Sarah Wrixon, Salix Consulting: Don't wait for the fog to lift

Comms professionals should act now if they want to benefit from radical changes in the NHS.

The proposed radical, pro-market changes in the NHS are throwing up interesting comms challenges. Potential benefits are as yet unproven, there are still disconnects between the many stakeholders and there is a general sense of waiting for the fog to lift. And although health problems haven't gone away, the money to communicate them has, so health messages will come from new sources and may be more subtle - the advocate and nudge approach.

At its best, the NHS remains world class, but as long as there are unacceptable care and safety practices, and increasing pressure on resources, reform is inevitable. The challenge facing the new GP consortia will be to commission services of the highest quality with the best patient outcomes but which are cost-effective.

The notion of an NHS mutual - one that is owned by us all rather than by ministers, civil servants and doctors - will gather momentum. An agenda focused on quality, innovation, productivity and prevention has triggered some radical thinking. Increasingly, minor ailments and long-term conditions will be treated away from the hospital and doctor's surgery. The clinical role of the pharmacist will grow, the use of telephone health services will increase and online interventions will become widespread. Health and social care will integrate further and local authorities will drive public health campaigns to help prevent ill health in the first place.

As the landscape shifts, so will the comms that underpin it. Once primary care trusts have gone, the new consortia will no longer have the luxury of a comms flak jacket and GPs will have to deal directly with the media. New providers and social enterprises will be part of a competitive marketplace for the first time and communicating directly with GP consortia will require a different approach. Successful organisations, whether they are the GP consortia or 'any willing providers', understand the value of engaging the media, their customers, clients and end-users personally, developing trust and mutual respect.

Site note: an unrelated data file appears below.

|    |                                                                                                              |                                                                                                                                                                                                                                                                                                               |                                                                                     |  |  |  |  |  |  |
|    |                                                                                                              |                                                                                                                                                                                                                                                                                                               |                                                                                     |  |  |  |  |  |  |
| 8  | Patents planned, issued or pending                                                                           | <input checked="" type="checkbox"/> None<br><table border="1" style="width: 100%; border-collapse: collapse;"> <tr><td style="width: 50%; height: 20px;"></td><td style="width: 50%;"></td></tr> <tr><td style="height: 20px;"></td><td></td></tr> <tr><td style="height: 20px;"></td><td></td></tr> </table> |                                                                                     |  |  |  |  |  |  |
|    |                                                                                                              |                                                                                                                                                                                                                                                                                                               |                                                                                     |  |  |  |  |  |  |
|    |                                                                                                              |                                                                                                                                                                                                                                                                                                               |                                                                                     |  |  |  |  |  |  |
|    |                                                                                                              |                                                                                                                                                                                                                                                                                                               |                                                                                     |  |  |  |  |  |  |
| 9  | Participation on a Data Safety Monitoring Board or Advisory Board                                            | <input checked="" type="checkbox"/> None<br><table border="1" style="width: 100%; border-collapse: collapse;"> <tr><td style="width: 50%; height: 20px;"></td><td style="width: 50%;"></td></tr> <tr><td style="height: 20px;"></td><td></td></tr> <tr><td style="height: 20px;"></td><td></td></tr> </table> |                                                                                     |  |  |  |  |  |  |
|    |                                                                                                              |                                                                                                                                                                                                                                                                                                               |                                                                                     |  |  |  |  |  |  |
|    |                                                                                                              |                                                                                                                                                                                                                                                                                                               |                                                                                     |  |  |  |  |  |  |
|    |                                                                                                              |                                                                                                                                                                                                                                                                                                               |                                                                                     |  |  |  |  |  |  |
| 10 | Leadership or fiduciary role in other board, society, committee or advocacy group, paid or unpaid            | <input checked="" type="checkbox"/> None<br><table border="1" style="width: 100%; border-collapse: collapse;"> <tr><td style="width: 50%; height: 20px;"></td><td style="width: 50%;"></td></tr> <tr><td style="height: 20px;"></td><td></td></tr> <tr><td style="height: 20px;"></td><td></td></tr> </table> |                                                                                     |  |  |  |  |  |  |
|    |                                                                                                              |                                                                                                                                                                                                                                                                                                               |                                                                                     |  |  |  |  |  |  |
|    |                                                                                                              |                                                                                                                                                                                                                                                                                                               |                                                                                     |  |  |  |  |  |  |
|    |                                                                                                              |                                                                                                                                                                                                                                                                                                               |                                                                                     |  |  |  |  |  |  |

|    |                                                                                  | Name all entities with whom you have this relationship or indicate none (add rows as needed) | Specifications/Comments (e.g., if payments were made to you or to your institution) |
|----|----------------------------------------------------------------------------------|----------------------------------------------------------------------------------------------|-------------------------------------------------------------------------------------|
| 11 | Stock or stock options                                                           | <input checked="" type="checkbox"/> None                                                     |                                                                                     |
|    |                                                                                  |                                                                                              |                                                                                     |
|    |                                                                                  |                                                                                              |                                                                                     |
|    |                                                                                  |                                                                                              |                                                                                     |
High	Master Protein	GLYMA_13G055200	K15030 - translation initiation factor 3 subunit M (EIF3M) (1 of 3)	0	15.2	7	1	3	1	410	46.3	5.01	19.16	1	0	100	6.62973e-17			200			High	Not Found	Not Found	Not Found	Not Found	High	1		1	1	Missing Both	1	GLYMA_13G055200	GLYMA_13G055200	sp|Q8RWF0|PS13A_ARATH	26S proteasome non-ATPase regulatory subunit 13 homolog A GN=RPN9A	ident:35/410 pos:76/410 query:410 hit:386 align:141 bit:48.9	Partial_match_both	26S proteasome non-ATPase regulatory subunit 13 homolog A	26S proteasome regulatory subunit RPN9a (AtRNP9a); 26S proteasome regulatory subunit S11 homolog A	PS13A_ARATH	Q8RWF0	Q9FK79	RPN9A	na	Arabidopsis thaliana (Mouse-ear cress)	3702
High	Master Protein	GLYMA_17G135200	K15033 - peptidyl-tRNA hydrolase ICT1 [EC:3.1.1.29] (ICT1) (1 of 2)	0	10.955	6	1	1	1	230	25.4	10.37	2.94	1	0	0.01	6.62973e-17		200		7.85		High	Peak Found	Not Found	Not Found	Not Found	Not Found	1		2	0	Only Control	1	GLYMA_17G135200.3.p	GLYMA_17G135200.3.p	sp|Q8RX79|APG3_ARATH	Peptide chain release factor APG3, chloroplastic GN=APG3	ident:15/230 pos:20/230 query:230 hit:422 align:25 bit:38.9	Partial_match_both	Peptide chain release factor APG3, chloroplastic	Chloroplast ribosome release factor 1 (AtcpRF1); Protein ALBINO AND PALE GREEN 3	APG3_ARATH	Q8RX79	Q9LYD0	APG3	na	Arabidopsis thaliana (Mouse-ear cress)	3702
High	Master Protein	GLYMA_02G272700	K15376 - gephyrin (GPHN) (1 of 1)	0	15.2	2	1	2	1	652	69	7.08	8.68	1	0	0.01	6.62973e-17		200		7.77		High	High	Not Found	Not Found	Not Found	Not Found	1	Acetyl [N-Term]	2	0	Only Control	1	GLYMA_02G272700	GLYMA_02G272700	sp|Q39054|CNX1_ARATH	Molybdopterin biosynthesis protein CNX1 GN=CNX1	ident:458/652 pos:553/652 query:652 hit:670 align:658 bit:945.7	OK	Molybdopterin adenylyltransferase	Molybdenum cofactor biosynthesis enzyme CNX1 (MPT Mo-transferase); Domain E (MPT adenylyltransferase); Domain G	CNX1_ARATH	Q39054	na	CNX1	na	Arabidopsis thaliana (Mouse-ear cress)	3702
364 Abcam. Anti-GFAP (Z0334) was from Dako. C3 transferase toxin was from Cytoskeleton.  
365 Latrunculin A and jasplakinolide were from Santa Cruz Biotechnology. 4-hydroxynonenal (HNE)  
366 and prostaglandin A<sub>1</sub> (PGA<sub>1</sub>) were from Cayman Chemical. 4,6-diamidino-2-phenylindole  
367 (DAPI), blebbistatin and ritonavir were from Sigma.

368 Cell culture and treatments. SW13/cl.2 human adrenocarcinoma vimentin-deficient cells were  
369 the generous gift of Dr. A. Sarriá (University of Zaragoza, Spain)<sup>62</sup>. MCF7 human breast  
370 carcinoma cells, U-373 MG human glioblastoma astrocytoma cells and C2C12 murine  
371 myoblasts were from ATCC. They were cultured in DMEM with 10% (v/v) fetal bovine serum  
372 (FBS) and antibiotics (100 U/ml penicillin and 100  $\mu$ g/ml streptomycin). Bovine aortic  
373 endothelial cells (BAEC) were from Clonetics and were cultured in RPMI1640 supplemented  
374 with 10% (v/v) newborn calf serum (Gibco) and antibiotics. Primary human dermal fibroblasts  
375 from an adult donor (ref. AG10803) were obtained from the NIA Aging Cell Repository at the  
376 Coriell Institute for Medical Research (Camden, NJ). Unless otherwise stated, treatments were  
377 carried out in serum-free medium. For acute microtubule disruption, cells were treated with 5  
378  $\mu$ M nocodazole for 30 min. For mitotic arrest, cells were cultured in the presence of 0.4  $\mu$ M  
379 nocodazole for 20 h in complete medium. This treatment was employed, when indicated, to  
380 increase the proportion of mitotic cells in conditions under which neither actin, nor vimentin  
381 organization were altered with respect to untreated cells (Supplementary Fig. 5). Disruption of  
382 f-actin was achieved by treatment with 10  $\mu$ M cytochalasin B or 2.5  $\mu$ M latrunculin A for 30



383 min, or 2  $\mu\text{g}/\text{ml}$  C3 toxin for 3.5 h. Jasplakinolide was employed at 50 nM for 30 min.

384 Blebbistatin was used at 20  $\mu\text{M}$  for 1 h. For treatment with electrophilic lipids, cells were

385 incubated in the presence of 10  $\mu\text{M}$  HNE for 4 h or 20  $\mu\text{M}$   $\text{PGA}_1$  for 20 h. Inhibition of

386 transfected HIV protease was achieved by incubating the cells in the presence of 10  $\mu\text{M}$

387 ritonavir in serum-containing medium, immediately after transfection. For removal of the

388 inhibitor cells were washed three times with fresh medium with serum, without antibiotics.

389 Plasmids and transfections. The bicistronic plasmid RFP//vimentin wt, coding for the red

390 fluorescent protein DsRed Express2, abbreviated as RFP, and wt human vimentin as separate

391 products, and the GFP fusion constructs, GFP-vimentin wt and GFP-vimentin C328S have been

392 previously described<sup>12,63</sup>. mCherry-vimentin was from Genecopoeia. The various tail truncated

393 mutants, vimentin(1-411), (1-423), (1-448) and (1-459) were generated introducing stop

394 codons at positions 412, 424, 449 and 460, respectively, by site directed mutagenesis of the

In recent months, our most effective comms strategies have combined media and public relations with personal introductions to the new commissioners. Credible advocacy, personal networking and partnerships are crucial factors in the new comms ecosystem. Developing and maintaining a network like Salix 100 - a broad spectrum of frontline health professionals, clinical leaders, policy makers and advisers, opinion formers, thought leaders and patient representatives - enables us to develop strategy based on insight from the people who are shaping the new landscape and those who will be travelling through it.

The past decade may arguably be remembered as one of discord and dissonance, but things are changing. There is now an outright requirement for healthcare professionals to work collaboratively with health service and medicines providers to drive the positive social change GSK's Phil Thomson describes.

Media relations remain key to raising awareness of an issue or positioning an organisation, but third-party endorsement and collateral knowledge will also be integral to success. Personal advocacy, peer power and one-to-one conversations - the nudge approach - are likely to feel more relevant than the multi-million pound public health campaigns the Government can no longer fund. Comms specialists will have to be nimble to help clients negotiate the misty terrain ahead. Waiting for the fog to lift isn't an option.

Views in brief

- What is the most innovative public health campaign in the past year?

Boris' bike scheme in London supported by Barclays. An innovative, practical scheme with clear health and social benefits and led by a memorable spokesperson. A great example of Big Society with the public and private sectors working with the general public to make a difference.

- How would you fill a five-minute meeting with Andrew Lansley?

I would like to hear his views on end of life. Should people have greater choice over when and how they die and should expensive drugs be used to extend life by weeks if there is not a concurrent improvement in quality of life?

Sarah Wrixon is managing partner at Salix Consulting

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